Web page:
In undivided AP, astrology and vaastu commanded the unalloyed devotion of political bigwigs. From the days of former Prime Minister PV Narasimha Rao to Telugu Desam Party supremo NT Rama Rao, Vaastu experts had occupied powerful positions in various regimes.
KCR’s mentor NT Rama Rao was known for his strong belief in superstitions. As an actor, during the making of his magnum opus, ‘Vishwamitra’, in which he played the lead role and also directed the film, he switched over to wearing saffron robes and always sat on a deer skin. He wanted to live the character in real life too.
This continued even after he became chief minister of Andhra Pradesh. He called me to his residence at 5 am once to give an interview. And there he was, sitting on a deer skin after his bath and puja! As per his personal astrologer, he had to finish media interviews before the sun rises!
NTR had rewarded his personal astrologer, BV Mohan Reddy, with an Assembly seat and also made him a minister. Not far behind was Marri Channa Reddy, whose trusted vaastu architect BN Reddy got a Rajya Sabha seat.
When TDP came to power for the first time under the leadership of NTR, his house in Troop Bazar was renovated and additions made to suit a chief minister’s home. NTR owned a farmhouse at Gandipet on the outskirts of Hyderabad, which was also officially renovated.
A ‘shanti kutir’ (meaning peace hut, a hut with grass roof and air conditioning) was built for NTR’s use during weekends. The same model was replicated during TDP’s Mahanadu events in various cities, as NTR, who had donned the saffron robes of ‘Raja Rishi’ then, would not spend nights in hotels or guest houses.
The new state of Andhra Pradesh may be in the midst of a major financial crunch but this has not stopped Chief Minister Chandrababu Naidu from spending a whopping Rs 100 crore of public money on tours, offices, residences and also staff. This includes redecorations of his various offices at Hyderabad and Vijayawada, chartered flights for himself and his staff from Hyderabad to Vijayawada, Delhi and Singapore.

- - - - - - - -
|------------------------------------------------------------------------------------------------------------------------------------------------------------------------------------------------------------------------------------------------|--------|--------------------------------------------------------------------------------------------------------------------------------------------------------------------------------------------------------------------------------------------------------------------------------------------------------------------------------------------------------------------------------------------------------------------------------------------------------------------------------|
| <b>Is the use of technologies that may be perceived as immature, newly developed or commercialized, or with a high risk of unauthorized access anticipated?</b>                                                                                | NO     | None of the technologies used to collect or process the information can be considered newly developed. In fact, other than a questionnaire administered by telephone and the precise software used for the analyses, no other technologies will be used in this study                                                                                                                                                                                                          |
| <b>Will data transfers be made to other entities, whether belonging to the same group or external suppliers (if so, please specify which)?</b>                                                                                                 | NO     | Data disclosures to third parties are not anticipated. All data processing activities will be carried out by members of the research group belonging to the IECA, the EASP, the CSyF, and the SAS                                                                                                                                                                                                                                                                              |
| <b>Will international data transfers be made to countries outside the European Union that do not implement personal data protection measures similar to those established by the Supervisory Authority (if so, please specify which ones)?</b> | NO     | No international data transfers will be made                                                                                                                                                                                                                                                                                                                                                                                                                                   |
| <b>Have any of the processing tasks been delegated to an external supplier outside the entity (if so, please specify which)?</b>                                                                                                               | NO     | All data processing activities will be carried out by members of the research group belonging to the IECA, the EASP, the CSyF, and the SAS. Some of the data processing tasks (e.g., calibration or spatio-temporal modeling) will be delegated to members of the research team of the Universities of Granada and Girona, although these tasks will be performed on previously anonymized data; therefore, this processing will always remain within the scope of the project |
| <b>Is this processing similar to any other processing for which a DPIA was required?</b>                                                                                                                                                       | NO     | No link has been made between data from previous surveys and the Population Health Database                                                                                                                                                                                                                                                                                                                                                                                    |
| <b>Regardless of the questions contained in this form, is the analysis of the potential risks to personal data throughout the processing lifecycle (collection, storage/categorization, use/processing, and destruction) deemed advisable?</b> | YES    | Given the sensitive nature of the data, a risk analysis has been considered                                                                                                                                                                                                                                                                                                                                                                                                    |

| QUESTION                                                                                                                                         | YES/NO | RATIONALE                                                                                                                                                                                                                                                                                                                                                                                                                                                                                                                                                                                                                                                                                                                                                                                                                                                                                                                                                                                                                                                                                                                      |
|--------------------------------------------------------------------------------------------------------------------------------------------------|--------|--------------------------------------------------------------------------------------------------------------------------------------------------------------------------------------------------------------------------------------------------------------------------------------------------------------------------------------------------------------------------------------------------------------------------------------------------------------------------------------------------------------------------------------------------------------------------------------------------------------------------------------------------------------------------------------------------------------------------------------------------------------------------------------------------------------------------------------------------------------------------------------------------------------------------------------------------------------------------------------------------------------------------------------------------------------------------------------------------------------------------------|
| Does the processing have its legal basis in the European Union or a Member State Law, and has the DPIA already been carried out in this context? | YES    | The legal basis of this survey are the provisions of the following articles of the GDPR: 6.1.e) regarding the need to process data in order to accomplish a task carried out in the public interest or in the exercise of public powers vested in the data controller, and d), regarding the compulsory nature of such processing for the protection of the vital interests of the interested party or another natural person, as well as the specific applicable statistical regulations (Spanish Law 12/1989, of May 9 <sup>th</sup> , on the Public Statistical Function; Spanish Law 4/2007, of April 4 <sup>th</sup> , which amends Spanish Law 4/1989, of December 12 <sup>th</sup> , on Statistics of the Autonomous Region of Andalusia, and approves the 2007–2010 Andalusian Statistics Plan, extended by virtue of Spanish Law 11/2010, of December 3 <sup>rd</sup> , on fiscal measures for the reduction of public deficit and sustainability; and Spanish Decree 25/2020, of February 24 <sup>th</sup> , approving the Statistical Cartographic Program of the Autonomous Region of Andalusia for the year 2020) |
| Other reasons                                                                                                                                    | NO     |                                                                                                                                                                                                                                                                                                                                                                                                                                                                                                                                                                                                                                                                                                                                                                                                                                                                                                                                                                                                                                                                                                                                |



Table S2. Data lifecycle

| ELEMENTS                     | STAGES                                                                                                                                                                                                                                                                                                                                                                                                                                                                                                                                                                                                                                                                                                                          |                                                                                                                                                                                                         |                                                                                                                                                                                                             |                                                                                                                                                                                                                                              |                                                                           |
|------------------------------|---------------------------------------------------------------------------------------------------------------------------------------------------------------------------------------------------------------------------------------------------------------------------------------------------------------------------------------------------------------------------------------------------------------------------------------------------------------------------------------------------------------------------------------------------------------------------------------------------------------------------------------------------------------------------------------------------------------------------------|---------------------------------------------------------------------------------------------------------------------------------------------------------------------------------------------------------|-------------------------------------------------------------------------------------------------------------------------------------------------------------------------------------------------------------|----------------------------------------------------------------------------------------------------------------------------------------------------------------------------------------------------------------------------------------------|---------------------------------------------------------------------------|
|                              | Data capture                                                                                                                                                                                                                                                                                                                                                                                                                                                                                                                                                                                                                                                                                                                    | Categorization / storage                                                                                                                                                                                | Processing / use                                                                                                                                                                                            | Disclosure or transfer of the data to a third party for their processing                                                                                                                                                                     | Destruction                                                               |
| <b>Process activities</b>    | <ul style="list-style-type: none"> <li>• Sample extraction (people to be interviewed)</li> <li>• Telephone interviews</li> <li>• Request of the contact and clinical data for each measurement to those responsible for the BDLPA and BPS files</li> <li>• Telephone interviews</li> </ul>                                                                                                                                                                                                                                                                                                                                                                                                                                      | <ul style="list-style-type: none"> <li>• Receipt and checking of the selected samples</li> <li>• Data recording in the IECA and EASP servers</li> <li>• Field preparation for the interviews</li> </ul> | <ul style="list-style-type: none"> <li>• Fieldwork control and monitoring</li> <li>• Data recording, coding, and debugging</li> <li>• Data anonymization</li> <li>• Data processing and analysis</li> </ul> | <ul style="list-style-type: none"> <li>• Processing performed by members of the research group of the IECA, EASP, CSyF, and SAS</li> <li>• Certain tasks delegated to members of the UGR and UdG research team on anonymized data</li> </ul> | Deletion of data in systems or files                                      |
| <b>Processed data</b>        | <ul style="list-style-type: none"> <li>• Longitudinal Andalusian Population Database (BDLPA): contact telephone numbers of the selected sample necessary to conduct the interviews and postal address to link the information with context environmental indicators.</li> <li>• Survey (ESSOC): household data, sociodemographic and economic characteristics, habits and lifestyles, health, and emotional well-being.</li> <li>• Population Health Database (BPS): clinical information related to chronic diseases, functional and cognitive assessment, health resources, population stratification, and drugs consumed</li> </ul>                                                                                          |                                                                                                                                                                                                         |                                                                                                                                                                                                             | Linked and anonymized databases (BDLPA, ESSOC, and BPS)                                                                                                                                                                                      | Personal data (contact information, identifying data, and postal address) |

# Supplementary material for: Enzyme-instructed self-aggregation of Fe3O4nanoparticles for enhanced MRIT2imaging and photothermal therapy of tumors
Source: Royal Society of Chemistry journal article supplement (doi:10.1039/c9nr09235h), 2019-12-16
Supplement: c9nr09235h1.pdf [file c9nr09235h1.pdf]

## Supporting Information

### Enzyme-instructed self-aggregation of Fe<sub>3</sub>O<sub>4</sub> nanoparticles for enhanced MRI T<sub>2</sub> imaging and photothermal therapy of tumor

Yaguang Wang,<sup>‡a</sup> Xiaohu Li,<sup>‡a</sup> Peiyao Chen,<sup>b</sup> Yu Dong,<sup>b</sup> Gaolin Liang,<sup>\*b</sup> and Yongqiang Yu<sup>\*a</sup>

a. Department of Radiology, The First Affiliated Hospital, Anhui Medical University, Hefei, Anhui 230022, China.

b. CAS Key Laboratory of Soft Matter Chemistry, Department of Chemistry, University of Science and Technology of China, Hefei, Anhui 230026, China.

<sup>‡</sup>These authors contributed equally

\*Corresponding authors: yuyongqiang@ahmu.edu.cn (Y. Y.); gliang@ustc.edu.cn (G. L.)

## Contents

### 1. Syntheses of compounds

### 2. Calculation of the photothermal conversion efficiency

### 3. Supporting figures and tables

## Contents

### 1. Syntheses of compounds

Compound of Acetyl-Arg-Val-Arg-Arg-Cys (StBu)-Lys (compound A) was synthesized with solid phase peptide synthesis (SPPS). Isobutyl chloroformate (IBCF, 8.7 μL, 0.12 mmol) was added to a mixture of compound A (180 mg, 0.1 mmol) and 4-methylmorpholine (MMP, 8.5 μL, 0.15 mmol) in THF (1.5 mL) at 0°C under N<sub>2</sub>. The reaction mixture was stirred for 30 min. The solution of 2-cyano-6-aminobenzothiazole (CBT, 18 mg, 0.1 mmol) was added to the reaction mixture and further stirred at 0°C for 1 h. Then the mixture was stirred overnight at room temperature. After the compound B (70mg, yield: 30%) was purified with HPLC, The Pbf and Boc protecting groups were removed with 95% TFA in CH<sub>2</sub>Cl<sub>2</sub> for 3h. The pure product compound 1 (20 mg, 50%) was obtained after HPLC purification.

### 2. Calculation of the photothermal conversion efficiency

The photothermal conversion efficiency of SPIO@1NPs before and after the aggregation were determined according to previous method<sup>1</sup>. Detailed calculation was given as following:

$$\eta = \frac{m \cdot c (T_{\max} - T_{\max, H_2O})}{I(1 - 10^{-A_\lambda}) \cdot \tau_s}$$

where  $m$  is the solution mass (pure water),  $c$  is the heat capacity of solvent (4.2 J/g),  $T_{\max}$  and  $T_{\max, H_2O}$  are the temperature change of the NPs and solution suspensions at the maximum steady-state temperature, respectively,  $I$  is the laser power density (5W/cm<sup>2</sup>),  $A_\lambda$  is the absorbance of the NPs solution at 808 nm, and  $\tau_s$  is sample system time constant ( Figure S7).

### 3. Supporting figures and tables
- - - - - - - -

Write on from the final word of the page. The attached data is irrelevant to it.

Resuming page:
To date, the AP government has redone four to five offices and camp offices (residences) for the chief minister in both Hyderabad and Vijayawada. The government spent over Rs 40 crore on redoing H Block and the 7th and 8th floors in L Block of the Secretariat in Hyderabad.
Naidu has another office coming up at Amaravati and another residence geared up at his farmhouse at Madinaguda on the outskirts of Hyderabad. His personal staff and team of writers and officials working at both residence and in the CMO cost the government nearly Rs 3.5 crore. “He is a chief minister who hardly sleeps and is on the job 18 hours a day even at the age of 65,” defends a CMO spokesperson.
In Tamil Nadu, the Dravidian parties outwardly decry and ridicule practitioners of astrology, etc, but leaders, barring the late chief minister Dr M Karunanidhi, had been secretly following ‘guidance’ from astrologers.
The famous Kerala astrologer Parappanangadi Unnikrishna Panicker was known as the personal astrologer of AIADMK supremo Jayalalitha. Panicker shot to fame after he predicted a massive victory for Jayalalitha in 2001 through a ‘prasnam’. (Prasnam is one of the six important branches of Hindu astrology. In this an astrologer attempts to answer a question by constructing a horoscope for the exact time at which the question was received and understood by the astrologer.)